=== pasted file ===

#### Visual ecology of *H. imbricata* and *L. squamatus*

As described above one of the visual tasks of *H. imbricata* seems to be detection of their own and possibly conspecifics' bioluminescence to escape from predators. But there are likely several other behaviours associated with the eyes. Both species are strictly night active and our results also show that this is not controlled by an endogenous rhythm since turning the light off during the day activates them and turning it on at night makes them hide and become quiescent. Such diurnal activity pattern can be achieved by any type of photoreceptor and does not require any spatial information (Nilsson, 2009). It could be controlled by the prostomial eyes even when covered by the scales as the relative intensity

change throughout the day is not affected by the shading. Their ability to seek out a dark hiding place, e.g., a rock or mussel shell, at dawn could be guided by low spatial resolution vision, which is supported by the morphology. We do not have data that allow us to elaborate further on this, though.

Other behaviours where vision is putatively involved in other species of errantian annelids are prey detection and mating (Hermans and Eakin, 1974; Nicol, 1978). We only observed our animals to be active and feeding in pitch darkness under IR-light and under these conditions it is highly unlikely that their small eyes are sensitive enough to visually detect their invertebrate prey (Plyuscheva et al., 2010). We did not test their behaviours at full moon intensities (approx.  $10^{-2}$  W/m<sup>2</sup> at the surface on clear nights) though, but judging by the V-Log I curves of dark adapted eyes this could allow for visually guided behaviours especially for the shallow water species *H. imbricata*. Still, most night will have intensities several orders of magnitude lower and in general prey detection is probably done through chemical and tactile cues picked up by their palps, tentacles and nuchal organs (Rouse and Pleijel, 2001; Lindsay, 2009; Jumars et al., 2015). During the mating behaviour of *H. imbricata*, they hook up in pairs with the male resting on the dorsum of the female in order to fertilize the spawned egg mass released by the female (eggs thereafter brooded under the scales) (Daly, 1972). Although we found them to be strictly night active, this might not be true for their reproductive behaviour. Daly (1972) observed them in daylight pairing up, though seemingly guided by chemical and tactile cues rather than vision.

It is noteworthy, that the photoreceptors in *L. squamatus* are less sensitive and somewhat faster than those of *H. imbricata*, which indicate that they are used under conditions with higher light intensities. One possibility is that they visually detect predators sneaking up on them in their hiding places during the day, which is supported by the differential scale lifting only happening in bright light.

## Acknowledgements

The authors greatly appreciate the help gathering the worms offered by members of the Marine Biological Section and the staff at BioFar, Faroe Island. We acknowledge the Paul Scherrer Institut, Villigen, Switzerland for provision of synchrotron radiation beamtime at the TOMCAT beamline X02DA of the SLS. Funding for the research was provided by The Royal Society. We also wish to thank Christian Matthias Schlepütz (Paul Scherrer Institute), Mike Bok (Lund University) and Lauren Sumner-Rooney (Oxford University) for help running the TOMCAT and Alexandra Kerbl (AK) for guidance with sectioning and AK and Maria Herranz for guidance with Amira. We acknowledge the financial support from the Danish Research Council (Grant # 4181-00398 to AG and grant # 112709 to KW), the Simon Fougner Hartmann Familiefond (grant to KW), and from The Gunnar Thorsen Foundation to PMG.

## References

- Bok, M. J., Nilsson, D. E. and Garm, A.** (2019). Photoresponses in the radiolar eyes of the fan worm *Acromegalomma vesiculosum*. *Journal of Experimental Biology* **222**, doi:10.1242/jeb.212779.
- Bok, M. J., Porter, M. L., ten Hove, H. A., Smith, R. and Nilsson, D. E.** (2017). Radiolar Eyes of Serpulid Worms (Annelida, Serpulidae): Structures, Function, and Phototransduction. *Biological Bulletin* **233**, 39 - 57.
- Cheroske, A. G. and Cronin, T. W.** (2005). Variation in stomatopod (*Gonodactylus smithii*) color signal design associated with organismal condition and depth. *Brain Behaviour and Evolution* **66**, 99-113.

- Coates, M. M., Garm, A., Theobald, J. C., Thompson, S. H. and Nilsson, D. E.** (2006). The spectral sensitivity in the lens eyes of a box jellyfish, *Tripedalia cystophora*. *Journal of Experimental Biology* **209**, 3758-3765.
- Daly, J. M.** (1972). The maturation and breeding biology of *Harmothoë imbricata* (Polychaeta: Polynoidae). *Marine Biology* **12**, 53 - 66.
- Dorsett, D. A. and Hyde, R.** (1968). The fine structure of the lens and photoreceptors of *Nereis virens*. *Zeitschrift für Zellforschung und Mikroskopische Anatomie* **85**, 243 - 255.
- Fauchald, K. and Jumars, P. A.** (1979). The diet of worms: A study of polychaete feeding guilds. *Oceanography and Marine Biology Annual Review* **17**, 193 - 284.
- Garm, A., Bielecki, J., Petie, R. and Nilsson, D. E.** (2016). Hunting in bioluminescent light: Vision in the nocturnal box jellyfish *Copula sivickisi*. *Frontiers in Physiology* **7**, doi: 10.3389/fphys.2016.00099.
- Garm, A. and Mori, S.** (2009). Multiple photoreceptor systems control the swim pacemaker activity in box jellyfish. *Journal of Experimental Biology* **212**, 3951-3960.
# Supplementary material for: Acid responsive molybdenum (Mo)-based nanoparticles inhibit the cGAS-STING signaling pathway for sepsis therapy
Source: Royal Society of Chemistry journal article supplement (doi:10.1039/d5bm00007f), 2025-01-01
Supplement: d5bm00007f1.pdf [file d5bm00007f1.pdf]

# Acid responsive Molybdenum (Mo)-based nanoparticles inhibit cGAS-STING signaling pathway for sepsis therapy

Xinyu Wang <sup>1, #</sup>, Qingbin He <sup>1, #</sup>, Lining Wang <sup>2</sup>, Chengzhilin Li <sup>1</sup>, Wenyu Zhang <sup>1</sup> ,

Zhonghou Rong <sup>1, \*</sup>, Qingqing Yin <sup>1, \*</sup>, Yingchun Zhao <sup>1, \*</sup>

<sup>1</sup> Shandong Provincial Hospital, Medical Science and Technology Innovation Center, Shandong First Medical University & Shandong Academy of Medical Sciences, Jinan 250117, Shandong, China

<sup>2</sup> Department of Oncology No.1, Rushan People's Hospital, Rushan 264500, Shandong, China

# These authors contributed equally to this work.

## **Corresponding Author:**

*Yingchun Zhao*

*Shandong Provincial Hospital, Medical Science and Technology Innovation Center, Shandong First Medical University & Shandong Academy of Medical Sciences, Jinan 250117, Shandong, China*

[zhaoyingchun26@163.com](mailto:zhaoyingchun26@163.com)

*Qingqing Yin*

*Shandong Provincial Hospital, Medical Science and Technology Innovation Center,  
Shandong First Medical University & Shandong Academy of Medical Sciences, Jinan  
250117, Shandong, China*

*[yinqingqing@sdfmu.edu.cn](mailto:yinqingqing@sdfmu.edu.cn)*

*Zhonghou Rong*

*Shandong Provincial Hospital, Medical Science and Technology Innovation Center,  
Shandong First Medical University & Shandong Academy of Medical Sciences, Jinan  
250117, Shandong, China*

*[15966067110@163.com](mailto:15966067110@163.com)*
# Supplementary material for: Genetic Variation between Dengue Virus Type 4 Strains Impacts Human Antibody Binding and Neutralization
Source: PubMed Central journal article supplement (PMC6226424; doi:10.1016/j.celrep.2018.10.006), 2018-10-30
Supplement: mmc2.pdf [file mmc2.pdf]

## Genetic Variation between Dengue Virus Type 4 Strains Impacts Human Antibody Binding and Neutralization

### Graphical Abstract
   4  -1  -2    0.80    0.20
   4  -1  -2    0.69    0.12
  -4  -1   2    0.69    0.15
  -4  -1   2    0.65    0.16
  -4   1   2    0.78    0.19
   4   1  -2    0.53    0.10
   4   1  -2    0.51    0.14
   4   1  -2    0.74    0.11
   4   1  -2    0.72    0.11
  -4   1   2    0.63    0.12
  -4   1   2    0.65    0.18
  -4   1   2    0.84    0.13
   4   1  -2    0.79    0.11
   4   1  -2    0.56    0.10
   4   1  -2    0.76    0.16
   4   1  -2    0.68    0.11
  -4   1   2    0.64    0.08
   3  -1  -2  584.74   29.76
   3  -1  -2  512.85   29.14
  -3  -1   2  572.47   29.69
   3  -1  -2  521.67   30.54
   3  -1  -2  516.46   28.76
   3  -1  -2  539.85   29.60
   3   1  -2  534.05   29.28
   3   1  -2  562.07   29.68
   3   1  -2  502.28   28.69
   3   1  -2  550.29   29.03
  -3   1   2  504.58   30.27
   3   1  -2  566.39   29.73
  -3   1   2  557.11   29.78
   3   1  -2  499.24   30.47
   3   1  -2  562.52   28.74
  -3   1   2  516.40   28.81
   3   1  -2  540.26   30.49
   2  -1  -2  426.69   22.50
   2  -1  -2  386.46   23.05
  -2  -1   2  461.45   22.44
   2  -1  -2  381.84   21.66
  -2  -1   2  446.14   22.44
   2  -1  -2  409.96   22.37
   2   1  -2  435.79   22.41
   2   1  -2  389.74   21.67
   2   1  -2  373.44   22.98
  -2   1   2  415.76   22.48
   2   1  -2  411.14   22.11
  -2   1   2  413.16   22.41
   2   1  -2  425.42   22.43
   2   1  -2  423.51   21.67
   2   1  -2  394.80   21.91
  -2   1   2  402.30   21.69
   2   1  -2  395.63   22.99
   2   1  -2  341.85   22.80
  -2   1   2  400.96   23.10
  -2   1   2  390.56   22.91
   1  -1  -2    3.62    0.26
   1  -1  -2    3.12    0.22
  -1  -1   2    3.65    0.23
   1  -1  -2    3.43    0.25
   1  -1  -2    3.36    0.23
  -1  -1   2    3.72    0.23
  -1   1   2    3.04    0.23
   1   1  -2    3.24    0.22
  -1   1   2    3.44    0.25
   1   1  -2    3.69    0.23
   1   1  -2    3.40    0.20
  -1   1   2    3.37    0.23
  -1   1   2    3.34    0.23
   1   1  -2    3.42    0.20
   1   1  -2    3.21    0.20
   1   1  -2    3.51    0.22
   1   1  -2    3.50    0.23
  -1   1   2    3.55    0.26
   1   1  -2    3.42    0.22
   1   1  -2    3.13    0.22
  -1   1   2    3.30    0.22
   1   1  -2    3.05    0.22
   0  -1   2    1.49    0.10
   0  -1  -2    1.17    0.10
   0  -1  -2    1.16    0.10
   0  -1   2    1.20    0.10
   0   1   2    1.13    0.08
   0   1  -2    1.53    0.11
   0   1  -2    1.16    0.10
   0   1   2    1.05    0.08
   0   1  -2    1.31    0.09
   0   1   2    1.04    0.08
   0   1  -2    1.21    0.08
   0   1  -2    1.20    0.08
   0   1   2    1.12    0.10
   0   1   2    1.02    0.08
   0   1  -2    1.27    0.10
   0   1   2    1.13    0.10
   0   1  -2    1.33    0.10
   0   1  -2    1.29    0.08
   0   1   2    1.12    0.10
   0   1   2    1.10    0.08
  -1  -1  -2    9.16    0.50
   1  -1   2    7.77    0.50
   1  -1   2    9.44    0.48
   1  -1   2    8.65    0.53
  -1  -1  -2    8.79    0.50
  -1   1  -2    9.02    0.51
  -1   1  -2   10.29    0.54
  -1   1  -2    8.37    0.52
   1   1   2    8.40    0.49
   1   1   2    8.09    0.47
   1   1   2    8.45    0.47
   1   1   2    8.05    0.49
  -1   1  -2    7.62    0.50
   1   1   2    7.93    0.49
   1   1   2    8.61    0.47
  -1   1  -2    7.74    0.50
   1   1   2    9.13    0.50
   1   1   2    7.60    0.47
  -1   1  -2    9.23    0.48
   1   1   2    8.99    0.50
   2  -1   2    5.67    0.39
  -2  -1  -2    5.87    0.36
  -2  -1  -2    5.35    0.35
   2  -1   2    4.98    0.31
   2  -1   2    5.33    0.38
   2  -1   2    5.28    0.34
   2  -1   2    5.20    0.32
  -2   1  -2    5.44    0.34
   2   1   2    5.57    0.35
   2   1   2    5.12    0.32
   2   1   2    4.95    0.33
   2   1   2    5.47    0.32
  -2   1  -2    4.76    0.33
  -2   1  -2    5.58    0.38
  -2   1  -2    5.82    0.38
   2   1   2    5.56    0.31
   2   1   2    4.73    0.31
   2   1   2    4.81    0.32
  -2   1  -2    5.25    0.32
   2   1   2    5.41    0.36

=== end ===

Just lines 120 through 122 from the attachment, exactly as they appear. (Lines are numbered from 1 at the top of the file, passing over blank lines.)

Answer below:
  -1   1   2    3.30    0.22
   1   1  -2    3.05    0.22
   0  -1   2    1.49    0.10